The letter last month from the administrators of Safe Hands, informing her (and all other customers) that the funeral she had paid for would not be honoured, has left her devastated.
‘I can’t believe what has happened,’ says Janet. ‘With hindsight, I wish I had put the £3,880 in a cash Isa or kept it in my bank account. Never in a million years did I expect Safe Hands to renege on its promise. I feel cheated and can’t bear thinking about the fact I might have lost all my money. I will never buy such a plan again.’
Like Janet, Kim Sharp, from Orpington in South-East London, bought a plan to ensure her children wouldn’t have to worry about her funeral arrangements if anything happened to her.
Kim, also 62 and divorced, reminded her three children where her plan details were kept when she contracted Covid and ended up in hospital. Having made a full recovery, she has now been rocked by the news that her Safe Hands plan could be worthless. ‘Unsafe Hands is more to the point,’ she says.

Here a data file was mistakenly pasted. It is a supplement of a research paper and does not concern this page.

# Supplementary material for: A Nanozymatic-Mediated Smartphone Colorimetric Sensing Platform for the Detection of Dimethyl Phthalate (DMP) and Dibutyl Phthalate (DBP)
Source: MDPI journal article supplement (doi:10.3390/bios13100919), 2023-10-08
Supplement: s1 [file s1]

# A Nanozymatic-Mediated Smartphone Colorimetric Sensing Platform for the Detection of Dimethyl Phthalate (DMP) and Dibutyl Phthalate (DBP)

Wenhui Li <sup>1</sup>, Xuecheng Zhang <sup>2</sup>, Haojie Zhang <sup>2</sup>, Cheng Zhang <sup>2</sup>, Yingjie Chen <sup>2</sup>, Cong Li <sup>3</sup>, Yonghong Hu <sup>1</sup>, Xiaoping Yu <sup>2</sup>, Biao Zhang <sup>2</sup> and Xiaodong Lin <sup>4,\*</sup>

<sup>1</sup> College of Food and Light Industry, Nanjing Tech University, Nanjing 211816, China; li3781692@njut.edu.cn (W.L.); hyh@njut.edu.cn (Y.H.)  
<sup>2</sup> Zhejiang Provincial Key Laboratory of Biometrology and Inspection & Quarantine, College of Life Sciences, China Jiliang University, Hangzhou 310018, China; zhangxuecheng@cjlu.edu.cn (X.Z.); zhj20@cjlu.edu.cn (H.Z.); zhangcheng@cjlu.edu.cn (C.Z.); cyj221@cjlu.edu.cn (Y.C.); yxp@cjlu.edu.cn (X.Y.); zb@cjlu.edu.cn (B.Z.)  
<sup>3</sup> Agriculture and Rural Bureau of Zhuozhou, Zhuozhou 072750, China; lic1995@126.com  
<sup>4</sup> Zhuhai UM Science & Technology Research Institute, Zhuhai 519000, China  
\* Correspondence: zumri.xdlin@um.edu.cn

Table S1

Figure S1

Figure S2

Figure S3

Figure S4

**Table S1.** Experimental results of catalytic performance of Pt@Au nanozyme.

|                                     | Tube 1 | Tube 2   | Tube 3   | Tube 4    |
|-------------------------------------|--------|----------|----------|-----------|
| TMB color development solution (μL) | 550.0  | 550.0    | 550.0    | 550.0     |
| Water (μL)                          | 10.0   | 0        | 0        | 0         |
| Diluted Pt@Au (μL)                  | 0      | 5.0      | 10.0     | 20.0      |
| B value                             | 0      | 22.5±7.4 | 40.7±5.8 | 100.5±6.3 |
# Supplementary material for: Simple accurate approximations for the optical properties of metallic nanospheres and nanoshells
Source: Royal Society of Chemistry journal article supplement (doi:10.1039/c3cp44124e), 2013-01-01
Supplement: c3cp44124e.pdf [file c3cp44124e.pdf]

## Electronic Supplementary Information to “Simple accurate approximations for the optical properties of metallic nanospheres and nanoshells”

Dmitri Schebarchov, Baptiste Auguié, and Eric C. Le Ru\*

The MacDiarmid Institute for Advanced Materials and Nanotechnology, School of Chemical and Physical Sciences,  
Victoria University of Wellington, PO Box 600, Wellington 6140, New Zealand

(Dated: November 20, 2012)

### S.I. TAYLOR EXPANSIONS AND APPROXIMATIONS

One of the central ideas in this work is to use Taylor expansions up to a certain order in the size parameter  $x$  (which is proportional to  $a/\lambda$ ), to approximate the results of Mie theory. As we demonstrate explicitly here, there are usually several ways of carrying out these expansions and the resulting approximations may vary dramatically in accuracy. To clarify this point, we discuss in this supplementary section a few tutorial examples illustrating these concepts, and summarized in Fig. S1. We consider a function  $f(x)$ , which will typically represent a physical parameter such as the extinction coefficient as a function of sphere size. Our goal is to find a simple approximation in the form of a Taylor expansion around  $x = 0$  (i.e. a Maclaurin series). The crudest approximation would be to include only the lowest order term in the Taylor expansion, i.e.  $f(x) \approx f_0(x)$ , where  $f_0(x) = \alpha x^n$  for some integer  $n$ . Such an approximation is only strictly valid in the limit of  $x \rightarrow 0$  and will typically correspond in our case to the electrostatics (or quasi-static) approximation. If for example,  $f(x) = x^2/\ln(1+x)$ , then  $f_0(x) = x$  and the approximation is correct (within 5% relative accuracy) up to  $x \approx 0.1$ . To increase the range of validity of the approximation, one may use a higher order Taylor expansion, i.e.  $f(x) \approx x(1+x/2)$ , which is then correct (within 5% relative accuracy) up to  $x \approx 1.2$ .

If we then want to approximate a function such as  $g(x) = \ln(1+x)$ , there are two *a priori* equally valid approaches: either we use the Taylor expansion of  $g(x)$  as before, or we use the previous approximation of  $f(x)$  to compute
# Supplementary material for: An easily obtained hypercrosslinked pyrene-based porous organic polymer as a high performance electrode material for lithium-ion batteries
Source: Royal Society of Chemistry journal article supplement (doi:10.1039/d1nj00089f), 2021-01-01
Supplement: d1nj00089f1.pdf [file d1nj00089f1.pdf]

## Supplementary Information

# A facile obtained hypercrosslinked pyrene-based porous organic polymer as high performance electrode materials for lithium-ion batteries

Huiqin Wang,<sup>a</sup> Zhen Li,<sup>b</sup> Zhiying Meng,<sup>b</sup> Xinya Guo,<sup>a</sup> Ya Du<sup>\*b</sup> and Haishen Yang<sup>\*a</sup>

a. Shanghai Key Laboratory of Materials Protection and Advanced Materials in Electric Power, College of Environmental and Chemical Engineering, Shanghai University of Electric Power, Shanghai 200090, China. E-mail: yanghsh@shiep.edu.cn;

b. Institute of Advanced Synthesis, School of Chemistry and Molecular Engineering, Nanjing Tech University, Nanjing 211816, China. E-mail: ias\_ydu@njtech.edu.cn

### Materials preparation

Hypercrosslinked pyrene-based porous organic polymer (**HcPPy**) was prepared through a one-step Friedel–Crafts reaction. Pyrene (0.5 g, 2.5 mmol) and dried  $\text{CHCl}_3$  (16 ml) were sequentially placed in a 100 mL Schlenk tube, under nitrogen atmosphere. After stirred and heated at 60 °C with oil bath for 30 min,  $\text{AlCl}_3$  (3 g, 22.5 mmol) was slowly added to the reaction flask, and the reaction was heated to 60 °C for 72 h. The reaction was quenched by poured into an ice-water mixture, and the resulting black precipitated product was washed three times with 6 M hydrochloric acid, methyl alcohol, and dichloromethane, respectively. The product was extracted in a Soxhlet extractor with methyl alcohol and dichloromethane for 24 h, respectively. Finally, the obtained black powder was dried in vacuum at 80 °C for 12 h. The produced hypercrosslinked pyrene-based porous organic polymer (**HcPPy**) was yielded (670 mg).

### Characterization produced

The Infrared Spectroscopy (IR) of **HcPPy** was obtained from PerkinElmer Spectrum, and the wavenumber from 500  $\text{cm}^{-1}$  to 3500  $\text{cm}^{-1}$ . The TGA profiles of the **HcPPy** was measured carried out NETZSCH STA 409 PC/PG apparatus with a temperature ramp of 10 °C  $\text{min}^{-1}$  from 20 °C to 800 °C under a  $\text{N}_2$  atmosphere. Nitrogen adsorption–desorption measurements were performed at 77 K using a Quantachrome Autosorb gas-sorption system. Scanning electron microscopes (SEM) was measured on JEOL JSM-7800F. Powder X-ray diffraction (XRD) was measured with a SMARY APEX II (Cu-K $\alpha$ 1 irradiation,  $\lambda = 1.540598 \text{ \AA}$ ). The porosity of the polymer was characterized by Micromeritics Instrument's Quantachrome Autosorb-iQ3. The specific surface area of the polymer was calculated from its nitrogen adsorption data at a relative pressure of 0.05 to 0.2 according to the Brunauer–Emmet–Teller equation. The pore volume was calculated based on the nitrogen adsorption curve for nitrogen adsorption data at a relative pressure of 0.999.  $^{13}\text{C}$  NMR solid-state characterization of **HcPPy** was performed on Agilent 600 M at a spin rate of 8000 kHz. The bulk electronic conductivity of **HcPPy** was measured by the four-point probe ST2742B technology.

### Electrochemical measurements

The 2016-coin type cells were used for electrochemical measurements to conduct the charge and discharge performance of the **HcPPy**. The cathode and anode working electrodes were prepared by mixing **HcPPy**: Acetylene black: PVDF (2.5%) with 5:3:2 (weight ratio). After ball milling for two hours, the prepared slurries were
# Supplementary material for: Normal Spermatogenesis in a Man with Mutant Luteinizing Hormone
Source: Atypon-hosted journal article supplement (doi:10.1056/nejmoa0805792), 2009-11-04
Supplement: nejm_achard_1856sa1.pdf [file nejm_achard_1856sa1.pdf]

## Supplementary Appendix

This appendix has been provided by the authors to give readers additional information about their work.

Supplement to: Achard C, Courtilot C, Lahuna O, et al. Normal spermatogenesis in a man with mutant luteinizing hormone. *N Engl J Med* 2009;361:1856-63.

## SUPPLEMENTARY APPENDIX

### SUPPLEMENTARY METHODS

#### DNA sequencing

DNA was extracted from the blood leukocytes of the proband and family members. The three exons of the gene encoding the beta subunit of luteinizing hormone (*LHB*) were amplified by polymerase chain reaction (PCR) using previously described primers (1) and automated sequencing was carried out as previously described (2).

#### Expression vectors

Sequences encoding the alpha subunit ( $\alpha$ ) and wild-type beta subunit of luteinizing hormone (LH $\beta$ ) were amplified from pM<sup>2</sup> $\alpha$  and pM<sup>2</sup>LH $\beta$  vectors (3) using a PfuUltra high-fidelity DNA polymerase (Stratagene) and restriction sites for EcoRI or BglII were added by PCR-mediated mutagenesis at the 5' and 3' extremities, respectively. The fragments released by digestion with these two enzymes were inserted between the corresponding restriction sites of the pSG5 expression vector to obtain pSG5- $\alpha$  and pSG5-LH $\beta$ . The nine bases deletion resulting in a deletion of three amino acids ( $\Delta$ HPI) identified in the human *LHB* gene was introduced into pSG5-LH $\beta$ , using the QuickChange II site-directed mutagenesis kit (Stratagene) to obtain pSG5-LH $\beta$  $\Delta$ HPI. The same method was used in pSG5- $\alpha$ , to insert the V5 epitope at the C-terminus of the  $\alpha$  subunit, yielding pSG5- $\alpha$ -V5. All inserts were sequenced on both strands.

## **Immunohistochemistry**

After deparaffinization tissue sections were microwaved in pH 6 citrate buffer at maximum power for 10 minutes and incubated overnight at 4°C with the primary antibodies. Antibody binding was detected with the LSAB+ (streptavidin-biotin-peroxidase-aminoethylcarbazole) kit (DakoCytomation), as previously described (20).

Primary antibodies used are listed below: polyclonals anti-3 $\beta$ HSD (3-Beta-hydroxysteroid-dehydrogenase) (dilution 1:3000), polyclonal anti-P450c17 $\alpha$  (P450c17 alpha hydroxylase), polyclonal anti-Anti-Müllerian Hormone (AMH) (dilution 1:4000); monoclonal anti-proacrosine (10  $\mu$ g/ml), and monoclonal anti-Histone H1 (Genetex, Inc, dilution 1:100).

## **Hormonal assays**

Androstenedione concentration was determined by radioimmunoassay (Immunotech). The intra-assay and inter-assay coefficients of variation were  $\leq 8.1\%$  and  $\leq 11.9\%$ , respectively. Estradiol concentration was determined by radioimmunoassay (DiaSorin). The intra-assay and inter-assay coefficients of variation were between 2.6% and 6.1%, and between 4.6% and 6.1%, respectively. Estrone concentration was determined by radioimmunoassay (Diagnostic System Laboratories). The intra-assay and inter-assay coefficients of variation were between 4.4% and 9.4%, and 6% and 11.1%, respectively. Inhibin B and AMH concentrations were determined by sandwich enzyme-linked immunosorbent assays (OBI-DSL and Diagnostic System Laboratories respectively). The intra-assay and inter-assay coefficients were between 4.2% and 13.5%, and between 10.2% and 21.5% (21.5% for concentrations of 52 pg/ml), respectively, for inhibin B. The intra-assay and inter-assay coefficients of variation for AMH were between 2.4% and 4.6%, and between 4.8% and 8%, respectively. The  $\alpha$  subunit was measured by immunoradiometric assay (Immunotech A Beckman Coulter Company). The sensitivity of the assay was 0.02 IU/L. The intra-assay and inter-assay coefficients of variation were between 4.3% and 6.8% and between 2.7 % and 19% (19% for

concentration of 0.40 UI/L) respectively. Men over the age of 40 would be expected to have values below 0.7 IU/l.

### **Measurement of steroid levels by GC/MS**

Kim, a former store manager, bought her plan six years ago after seeing a couple of close friends die. She paid in instalments, reaching a total of £3,395. ‘I was pleased with myself,’ Kim says. ‘The policy covered the cost of all funeral arrangements apart from flowers, so my kids wouldn’t have to worry about the expense.’
She was reassured by the fact her payments would be held in trust. The Safe Hands literature she received said her money would be held in a ‘ring-fenced trust fund’ overseen by independent trustees and managed by a ‘multinational investment management firm’. She says: ‘I never thought the plan was anything but rock solid safe.’
Having taken early retirement during the pandemic, she now gets by on an annual pension of £12,000. She says there is no way she could afford another plan. ‘What has happened at Safe Hands is a scandal and it needs resolving,’ says Kim. She has contacted her local MP, Gareth Bacon, who has promised to look into the matter. Jayne Moore, a 56-year-old credit controller from near Nottingham, took out a plan three years ago – at the same time as her parents, both in their early 80s, purchased plans.Like Kim, Jayne has written to her MP, but has yet to get a response.
‘Something has to be done to get our money back,’ she says. ‘My dad has cancer and it is so distressing for him. He’s an astute individual and when he bought the plans he did his homework and read all the small print. He was convinced by what he read.
‘Old and vulnerable people like my parents have been taken for a ride. When you’re told your money is safe in a trust fund, you expect that to be the case. I’m appalled – people have been let down in spectacular fashion by Safe Hands.’